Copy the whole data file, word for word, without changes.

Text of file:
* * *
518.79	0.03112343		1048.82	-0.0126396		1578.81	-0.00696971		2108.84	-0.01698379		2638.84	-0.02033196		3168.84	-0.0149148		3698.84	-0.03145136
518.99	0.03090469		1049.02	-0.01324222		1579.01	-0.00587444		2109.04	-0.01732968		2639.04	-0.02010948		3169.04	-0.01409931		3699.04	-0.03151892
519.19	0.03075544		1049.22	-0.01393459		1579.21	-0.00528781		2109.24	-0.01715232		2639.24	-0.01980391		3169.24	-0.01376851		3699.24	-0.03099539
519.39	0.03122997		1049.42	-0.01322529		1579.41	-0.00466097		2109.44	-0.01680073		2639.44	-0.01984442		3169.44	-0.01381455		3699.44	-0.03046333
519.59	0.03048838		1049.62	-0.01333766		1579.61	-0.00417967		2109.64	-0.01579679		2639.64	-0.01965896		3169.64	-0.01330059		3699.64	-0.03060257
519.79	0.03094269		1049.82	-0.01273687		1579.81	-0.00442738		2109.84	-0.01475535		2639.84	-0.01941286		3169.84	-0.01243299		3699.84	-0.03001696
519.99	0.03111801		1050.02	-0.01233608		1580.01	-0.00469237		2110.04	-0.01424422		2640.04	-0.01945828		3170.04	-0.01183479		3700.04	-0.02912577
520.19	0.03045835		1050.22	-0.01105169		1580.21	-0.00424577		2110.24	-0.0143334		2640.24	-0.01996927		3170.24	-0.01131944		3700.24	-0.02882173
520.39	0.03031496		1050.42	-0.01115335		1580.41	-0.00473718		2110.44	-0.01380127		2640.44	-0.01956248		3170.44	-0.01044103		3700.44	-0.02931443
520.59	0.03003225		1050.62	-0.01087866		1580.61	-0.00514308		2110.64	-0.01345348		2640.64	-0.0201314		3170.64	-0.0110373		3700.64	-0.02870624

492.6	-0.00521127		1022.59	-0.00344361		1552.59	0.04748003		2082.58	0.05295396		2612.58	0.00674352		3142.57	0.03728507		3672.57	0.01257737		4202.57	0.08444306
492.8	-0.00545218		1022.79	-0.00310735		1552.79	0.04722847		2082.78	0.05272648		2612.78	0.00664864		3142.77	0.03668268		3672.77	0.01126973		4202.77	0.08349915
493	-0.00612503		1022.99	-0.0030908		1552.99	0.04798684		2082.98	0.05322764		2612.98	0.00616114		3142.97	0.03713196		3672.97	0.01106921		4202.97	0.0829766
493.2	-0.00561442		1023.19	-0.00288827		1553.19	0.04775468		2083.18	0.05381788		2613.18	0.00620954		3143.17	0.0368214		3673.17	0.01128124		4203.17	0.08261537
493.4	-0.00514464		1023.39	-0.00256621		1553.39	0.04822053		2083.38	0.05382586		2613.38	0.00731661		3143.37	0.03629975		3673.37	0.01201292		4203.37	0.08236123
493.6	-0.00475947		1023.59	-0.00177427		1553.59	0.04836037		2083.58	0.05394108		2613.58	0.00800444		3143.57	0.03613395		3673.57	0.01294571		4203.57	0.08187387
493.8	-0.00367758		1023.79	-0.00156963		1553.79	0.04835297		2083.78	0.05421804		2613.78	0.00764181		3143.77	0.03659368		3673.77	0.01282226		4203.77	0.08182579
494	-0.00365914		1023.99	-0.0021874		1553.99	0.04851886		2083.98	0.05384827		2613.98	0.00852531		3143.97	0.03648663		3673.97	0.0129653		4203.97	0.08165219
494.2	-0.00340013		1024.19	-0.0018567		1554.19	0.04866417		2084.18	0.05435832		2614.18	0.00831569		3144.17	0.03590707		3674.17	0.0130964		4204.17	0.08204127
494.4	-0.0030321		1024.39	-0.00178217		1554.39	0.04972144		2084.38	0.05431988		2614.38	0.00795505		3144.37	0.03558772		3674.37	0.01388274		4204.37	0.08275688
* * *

518.79	0.03112343		1048.82	-0.0126396		1578.81	-0.00696971		2108.84	-0.01698379		2638.84	-0.02033196		3168.84	-0.0149148		3698.84	-0.03145136
518.99	0.03090469		1049.02	-0.01324222		1579.01	-0.00587444		2109.04	-0.01732968		2639.04	-0.02010948		3169.04	-0.01409931		3699.04	-0.03151892
519.19	0.03075544		1049.22	-0.01393459		1579.21	-0.00528781		2109.24	-0.01715232		2639.24	-0.01980391		3169.24	-0.01376851		3699.24	-0.03099539
519.39	0.03122997		1049.42	-0.01322529		1579.41	-0.00466097		2109.44	-0.01680073		2639.44	-0.01984442		3169.44	-0.01381455		3699.44	-0.03046333
519.59	0.03048838		1049.62	-0.01333766		1579.61	-0.00417967		2109.64	-0.01579679		2639.64	-0.01965896		3169.64	-0.01330059		3699.64	-0.03060257
519.79	0.03094269		1049.82	-0.01273687		1579.81	-0.00442738		2109.84	-0.01475535		2639.84	-0.01941286		3169.84	-0.01243299		3699.84	-0.03001696
519.99	0.03111801		1050.02	-0.01233608		1580.01	-0.00469237		2110.04	-0.01424422		2640.04	-0.01945828		3170.04	-0.01183479		3700.04	-0.02912577
520.19	0.03045835		1050.22	-0.01105169		1580.21	-0.00424577		2110.24	-0.0143334		2640.24	-0.01996927		3170.24	-0.01131944		3700.24	-0.02882173
520.39	0.03031496		1050.42	-0.01115335		1580.41	-0.00473718		2110.44	-0.01380127		2640.44	-0.01956248		3170.44	-0.01044103		3700.44	-0.02931443
520.59	0.03003225		1050.62	-0.01087866		1580.61	-0.00514308		2110.64	-0.01345348		2640.64	-0.0201314		3170.64	-0.0110373		3700.64	-0.02870624

492.6	-0.00521127		1022.59	-0.00344361		1552.59	0.04748003		2082.58	0.05295396		2612.58	0.00674352		3142.57	0.03728507		3672.57	0.01257737		4202.57	0.08444306
492.8	-0.00545218		1022.79	-0.00310735		1552.79	0.04722847		2082.78	0.05272648		2612.78	0.00664864		3142.77	0.03668268		3672.77	0.01126973		4202.77	0.08349915
493	-0.00612503		1022.99	-0.0030908		1552.99	0.04798684		2082.98	0.05322764		2612.98	0.00616114		3142.97	0.03713196		3672.97	0.01106921		4202.97	0.0829766
493.2	-0.00561442		1023.19	-0.00288827		1553.19	0.04775468		2083.18	0.05381788		2613.18	0.00620954		3143.17	0.0368214		3673.17	0.01128124		4203.17	0.08261537
493.4	-0.00514464		1023.39	-0.00256621		1553.39	0.04822053		2083.38	0.05382586		2613.38	0.00731661		3143.37	0.03629975		3673.37	0.01201292		4203.37	0.08236123
493.6	-0.00475947		1023.59	-0.00177427		1553.59	0.04836037		2083.58	0.05394108		2613.58	0.00800444		3143.57	0.03613395		3673.57	0.01294571		4203.57	0.08187387
493.8	-0.00367758		1023.79	-0.00156963		1553.79	0.04835297		2083.78	0.05421804		2613.78	0.00764181		3143.77	0.03659368		3673.77	0.01282226		4203.77	0.08182579
494	-0.00365914		1023.99	-0.0021874		1553.99	0.04851886		2083.98	0.05384827		2613.98	0.00852531		3143.97	0.03648663		3673.97	0.0129653		4203.97	0.08165219
494.2	-0.00340013		1024.19	-0.0018567		1554.19	0.04866417		2084.18	0.05435832		2614.18	0.00831569		3144.17	0.03590707		3674.17	0.0130964		4204.17	0.08204127
494.4	-0.0030321		1024.39	-0.00178217		1554.39	0.04972144		2084.38	0.05431988		2614.38	0.00795505		3144.37	0.03558772		3674.37	0.01388274		4204.37	0.08275688